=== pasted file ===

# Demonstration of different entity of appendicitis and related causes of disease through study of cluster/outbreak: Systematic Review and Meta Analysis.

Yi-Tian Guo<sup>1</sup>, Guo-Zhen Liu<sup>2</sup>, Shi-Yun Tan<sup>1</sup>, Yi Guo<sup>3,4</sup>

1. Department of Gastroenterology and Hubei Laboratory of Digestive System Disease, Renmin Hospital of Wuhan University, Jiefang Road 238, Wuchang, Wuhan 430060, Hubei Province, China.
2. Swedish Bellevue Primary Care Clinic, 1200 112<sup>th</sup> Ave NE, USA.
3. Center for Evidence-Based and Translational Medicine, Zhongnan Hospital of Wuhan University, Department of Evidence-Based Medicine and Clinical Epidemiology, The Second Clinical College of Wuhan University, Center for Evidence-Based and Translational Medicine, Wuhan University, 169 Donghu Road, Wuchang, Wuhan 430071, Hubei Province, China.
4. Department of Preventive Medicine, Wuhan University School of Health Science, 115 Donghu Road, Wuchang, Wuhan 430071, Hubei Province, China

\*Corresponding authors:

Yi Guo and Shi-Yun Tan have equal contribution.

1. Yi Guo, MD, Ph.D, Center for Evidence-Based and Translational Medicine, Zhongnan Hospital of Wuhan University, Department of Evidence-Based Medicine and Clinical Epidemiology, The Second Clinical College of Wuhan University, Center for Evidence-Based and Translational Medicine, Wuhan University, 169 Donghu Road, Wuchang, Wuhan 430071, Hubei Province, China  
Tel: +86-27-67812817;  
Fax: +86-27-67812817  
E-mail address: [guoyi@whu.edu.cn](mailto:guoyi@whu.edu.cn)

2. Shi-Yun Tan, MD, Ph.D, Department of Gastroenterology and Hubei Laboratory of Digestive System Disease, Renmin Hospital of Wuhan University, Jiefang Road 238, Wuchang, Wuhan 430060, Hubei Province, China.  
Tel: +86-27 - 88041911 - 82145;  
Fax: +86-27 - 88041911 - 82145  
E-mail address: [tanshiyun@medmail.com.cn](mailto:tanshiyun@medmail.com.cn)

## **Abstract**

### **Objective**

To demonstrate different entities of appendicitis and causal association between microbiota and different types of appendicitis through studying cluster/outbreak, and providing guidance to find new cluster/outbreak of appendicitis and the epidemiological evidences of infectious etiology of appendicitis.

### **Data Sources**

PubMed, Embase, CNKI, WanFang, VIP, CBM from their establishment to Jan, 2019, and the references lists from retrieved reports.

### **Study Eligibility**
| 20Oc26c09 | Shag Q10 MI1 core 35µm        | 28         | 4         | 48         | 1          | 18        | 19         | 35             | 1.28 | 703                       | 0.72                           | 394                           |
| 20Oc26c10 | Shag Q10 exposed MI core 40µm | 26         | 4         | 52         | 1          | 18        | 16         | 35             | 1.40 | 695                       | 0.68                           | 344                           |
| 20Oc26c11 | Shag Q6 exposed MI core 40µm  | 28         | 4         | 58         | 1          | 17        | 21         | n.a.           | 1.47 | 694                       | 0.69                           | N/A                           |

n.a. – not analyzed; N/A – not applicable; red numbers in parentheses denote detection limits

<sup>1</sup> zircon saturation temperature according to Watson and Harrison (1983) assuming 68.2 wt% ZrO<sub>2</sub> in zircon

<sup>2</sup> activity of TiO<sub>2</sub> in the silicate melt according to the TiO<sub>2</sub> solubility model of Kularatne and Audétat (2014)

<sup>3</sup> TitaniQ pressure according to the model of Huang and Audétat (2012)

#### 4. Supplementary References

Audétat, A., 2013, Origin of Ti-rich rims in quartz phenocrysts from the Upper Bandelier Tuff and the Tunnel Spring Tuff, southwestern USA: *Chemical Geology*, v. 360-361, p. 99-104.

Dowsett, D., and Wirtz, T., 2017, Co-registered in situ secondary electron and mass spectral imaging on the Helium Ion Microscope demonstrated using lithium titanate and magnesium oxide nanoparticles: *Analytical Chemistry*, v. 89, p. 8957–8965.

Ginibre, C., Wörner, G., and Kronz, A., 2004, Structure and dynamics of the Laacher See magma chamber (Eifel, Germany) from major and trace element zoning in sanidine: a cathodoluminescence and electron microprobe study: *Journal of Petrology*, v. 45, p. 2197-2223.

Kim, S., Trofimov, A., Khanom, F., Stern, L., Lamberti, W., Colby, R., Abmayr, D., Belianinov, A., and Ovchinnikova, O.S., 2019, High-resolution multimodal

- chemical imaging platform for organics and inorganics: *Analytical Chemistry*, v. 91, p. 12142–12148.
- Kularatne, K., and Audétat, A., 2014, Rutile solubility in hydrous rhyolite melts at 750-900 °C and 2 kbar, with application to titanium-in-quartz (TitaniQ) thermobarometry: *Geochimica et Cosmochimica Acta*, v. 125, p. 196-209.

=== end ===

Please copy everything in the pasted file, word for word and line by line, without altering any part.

# Demonstration of different entity of appendicitis and related causes of disease through study of cluster/outbreak: Systematic Review and Meta Analysis.

Yi-Tian Guo<sup>1</sup>, Guo-Zhen Liu<sup>2</sup>, Shi-Yun Tan<sup>1</sup>, Yi Guo<sup>3,4</sup>

1. Department of Gastroenterology and Hubei Laboratory of Digestive System Disease, Renmin Hospital of Wuhan University, Jiefang Road 238, Wuchang, Wuhan 430060, Hubei Province, China.
2. Swedish Bellevue Primary Care Clinic, 1200 112<sup>th</sup> Ave NE, USA.
3. Center for Evidence-Based and Translational Medicine, Zhongnan Hospital of Wuhan University, Department of Evidence-Based Medicine and Clinical Epidemiology, The Second Clinical College of Wuhan University, Center for Evidence-Based and Translational Medicine, Wuhan University, 169 Donghu Road, Wuchang, Wuhan 430071, Hubei Province, China.
4. Department of Preventive Medicine, Wuhan University School of Health Science, 115 Donghu Road, Wuchang, Wuhan 430071, Hubei Province, China

\*Corresponding authors:

Yi Guo and Shi-Yun Tan have equal contribution.

1. Yi Guo, MD, Ph.D, Center for Evidence-Based and Translational Medicine, Zhongnan Hospital of Wuhan University, Department of Evidence-Based Medicine and Clinical Epidemiology, The Second Clinical College of Wuhan University, Center for Evidence-Based and Translational Medicine, Wuhan University, 169 Donghu Road, Wuchang, Wuhan 430071, Hubei Province, China  
Tel: +86-27-67812817;  
Fax: +86-27-67812817  
E-mail address: [guoyi@whu.edu.cn](mailto:guoyi@whu.edu.cn)

2. Shi-Yun Tan, MD, Ph.D, Department of Gastroenterology and Hubei Laboratory of Digestive System Disease, Renmin Hospital of Wuhan University, Jiefang Road 238, Wuchang, Wuhan 430060, Hubei Province, China.  
Tel: +86-27 - 88041911 - 82145;  
Fax: +86-27 - 88041911 - 82145  
E-mail address: [tanshiyun@medmail.com.cn](mailto:tanshiyun@medmail.com.cn)

## **Abstract**

### **Objective**

To demonstrate different entities of appendicitis and causal association between microbiota and different types of appendicitis through studying cluster/outbreak, and providing guidance to find new cluster/outbreak of appendicitis and the epidemiological evidences of infectious etiology of appendicitis.

### **Data Sources**

PubMed, Embase, CNKI, WanFang, VIP, CBM from their establishment to Jan, 2019, and the references lists from retrieved reports.

### **Study Eligibility**
| 20Oc26c09 | Shag Q10 MI1 core 35µm        | 28         | 4         | 48         | 1          | 18        | 19         | 35             | 1.28 | 703                       | 0.72                           | 394                           |
| 20Oc26c10 | Shag Q10 exposed MI core 40µm | 26         | 4         | 52         | 1          | 18        | 16         | 35             | 1.40 | 695                       | 0.68                           | 344                           |
| 20Oc26c11 | Shag Q6 exposed MI core 40µm  | 28         | 4         | 58         | 1          | 17        | 21         | n.a.           | 1.47 | 694                       | 0.69                           | N/A                           |

n.a. – not analyzed; N/A – not applicable; red numbers in parentheses denote detection limits

<sup>1</sup> zircon saturation temperature according to Watson and Harrison (1983) assuming 68.2 wt% ZrO<sub>2</sub> in zircon

<sup>2</sup> activity of TiO<sub>2</sub> in the silicate melt according to the TiO<sub>2</sub> solubility model of Kularatne and Audétat (2014)

<sup>3</sup> TitaniQ pressure according to the model of Huang and Audétat (2012)

#### 4. Supplementary References

Audétat, A., 2013, Origin of Ti-rich rims in quartz phenocrysts from the Upper Bandelier Tuff and the Tunnel Spring Tuff, southwestern USA: *Chemical Geology*, v. 360-361, p. 99-104.

Dowsett, D., and Wirtz, T., 2017, Co-registered in situ secondary electron and mass spectral imaging on the Helium Ion Microscope demonstrated using lithium titanate and magnesium oxide nanoparticles: *Analytical Chemistry*, v. 89, p. 8957–8965.

Ginibre, C., Wörner, G., and Kronz, A., 2004, Structure and dynamics of the Laacher See magma chamber (Eifel, Germany) from major and trace element zoning in sanidine: a cathodoluminescence and electron microprobe study: *Journal of Petrology*, v. 45, p. 2197-2223.

Kim, S., Trofimov, A., Khanom, F., Stern, L., Lamberti, W., Colby, R., Abmayr, D., Belianinov, A., and Ovchinnikova, O.S., 2019, High-resolution multimodal

- chemical imaging platform for organics and inorganics: *Analytical Chemistry*, v. 91, p. 12142–12148.
- Kularatne, K., and Audétat, A., 2014, Rutile solubility in hydrous rhyolite melts at 750-900 °C and 2 kbar, with application to titanium-in-quartz (TitaniQ) thermobarometry: *Geochimica et Cosmochimica Acta*, v. 125, p. 196-209.